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Nearly 18 Percent of Pregnant Women Drink Alcohol In Early Stages of Pregnancy

Levels of Alcohol Use Drop In Later Stages of Pregnancy

Approximately 18 percent of women in their first trimester of pregnancy used alcohol within the past month according to a new report by the Substance Abuse and Mental Health Services Administration (SAMHSA). The report showed that 6.6 percent of women in their first trimester of pregnancy engaged in binge drinking (i.e., drinking five or more drinks on the same occasion at least once in the past 30 days).

Women who drink alcohol while pregnant increase their infants' risk of developing a Fetal Alcohol Spectrum Disorder (FASD), a group of conditions that can cause physical, behavioral and learning problems – some of which may have lifelong repercussions. Although there is no safe amount of alcohol for pregnant women to drink, they can lower the risk for their infants when they stop drinking alcohol immediately after finding out they are pregnant.

The report indicates that the level of alcohol use dropped sharply among pregnant woman in their second and third trimesters. The rate of past month alcohol use (i.e., at least one drink in the past 30 days) for women in the second trimester of pregnancy fell to 4.2 percent and among women in the third trimester dipped to 3.7 percent. By comparison, 55.5 percent of non-pregnant women aged 15 to 44 consumed alcohol in the past month.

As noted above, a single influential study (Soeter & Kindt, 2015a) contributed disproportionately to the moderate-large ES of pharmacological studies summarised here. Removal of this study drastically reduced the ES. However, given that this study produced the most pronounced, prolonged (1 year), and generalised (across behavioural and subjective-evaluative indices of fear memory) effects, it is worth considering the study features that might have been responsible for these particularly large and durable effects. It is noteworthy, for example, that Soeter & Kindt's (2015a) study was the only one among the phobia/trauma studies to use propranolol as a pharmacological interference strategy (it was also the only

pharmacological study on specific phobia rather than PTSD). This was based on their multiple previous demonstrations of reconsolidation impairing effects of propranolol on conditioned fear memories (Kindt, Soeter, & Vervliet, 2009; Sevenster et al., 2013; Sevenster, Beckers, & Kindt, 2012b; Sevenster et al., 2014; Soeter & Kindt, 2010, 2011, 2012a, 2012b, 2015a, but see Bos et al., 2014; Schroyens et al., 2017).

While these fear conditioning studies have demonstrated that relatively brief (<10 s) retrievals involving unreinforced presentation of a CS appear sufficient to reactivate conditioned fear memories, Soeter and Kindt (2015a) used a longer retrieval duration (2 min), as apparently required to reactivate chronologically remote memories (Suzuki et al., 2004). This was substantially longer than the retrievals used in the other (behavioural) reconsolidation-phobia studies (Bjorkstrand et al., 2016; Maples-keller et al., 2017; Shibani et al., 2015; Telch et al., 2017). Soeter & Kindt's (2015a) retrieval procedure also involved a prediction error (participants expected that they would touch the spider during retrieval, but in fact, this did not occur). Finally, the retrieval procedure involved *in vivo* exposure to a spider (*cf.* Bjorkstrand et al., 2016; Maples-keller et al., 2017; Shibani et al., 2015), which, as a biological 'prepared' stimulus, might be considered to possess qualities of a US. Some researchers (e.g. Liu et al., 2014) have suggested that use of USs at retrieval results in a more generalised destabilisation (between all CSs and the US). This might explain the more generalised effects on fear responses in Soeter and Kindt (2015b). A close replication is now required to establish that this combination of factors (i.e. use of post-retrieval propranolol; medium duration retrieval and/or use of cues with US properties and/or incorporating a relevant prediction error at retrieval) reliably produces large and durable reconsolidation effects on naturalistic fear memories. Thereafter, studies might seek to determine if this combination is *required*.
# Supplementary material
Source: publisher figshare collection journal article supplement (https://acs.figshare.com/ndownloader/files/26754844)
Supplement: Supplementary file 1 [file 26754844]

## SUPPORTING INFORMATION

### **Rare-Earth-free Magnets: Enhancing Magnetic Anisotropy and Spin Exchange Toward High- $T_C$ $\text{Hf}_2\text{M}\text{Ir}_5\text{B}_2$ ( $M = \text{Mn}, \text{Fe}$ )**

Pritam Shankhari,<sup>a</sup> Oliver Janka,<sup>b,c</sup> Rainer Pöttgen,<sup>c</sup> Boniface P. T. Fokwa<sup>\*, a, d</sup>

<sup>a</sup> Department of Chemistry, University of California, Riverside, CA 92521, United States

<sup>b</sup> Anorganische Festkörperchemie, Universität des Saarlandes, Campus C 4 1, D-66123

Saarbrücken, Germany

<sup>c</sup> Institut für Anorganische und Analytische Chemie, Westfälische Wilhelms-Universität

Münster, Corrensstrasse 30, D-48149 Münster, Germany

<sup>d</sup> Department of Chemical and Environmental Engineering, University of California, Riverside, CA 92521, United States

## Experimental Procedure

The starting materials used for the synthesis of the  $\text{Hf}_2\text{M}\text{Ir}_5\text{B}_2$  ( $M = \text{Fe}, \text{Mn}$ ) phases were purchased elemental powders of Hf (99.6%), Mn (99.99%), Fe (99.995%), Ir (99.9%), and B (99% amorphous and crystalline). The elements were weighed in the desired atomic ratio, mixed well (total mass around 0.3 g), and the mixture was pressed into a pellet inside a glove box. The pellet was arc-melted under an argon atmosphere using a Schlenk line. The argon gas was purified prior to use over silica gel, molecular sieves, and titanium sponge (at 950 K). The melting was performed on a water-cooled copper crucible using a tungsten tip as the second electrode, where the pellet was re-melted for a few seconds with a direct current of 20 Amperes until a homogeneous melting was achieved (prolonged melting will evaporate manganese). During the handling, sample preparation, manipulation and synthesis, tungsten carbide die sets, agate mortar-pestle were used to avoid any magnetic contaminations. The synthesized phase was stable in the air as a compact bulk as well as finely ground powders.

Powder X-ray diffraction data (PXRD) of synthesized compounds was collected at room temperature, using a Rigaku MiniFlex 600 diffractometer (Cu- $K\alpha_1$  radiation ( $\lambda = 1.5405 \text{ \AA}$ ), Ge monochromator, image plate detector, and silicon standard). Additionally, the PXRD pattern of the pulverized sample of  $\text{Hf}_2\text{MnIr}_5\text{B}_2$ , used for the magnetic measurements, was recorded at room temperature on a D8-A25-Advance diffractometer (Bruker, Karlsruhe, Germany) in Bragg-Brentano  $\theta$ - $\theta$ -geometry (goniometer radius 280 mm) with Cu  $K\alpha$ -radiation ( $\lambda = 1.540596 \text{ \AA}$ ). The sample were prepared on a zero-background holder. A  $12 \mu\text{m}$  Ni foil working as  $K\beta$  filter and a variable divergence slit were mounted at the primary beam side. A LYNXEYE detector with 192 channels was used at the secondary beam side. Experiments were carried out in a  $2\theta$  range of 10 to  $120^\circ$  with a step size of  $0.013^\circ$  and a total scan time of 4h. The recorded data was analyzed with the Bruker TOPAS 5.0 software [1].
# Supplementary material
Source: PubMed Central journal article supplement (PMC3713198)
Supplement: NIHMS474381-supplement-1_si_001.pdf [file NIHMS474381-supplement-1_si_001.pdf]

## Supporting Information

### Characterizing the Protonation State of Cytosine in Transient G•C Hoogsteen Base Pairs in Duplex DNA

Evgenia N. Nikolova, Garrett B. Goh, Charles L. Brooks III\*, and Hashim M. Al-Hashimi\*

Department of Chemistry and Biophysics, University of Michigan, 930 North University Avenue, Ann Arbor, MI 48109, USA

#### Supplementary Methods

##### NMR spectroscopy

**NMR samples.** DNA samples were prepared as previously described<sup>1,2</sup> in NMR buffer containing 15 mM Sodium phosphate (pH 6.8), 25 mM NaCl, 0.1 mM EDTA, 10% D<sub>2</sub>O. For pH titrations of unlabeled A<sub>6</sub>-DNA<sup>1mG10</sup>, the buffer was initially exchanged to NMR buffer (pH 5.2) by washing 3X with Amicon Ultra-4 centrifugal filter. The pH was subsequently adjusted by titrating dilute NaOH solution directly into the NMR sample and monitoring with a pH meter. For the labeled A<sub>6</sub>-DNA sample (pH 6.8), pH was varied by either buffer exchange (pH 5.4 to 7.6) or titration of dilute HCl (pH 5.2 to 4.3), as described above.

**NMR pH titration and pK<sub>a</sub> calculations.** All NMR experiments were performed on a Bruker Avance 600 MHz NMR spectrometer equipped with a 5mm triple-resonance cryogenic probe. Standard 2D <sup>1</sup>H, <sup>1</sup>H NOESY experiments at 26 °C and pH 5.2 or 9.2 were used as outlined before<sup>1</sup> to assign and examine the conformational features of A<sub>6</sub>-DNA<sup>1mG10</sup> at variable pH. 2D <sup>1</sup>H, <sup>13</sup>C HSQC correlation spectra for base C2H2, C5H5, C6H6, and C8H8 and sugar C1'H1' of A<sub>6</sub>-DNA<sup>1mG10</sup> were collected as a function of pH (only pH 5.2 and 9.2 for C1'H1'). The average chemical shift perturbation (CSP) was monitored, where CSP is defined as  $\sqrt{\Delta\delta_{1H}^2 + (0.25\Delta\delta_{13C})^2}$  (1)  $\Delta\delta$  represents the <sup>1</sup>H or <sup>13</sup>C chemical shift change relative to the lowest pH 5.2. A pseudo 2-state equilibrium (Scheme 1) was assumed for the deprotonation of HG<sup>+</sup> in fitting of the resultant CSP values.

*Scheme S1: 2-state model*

"Although most women understand the risks of using alcohol while pregnant, much more needs to be done to reach out to women during the earliest stages of pregnancy," said Frances Harding, director of SAMHSA's Center for Substance Abuse Prevention. "All prospective parents, health care practitioners, and all women of childbearing-age, need to be aware of the importance of not drinking alcohol if a woman is pregnant or considering becoming pregnant."

SAMHSA's Fetal Alcohol Spectrum Disorders (FASD) Center for Excellence web site, targeted at consumers and health practitioners, provides the latest scientific information and resources about the prevention and treatment of FASD. It is available at



September 11, 2013



September 11, 2013

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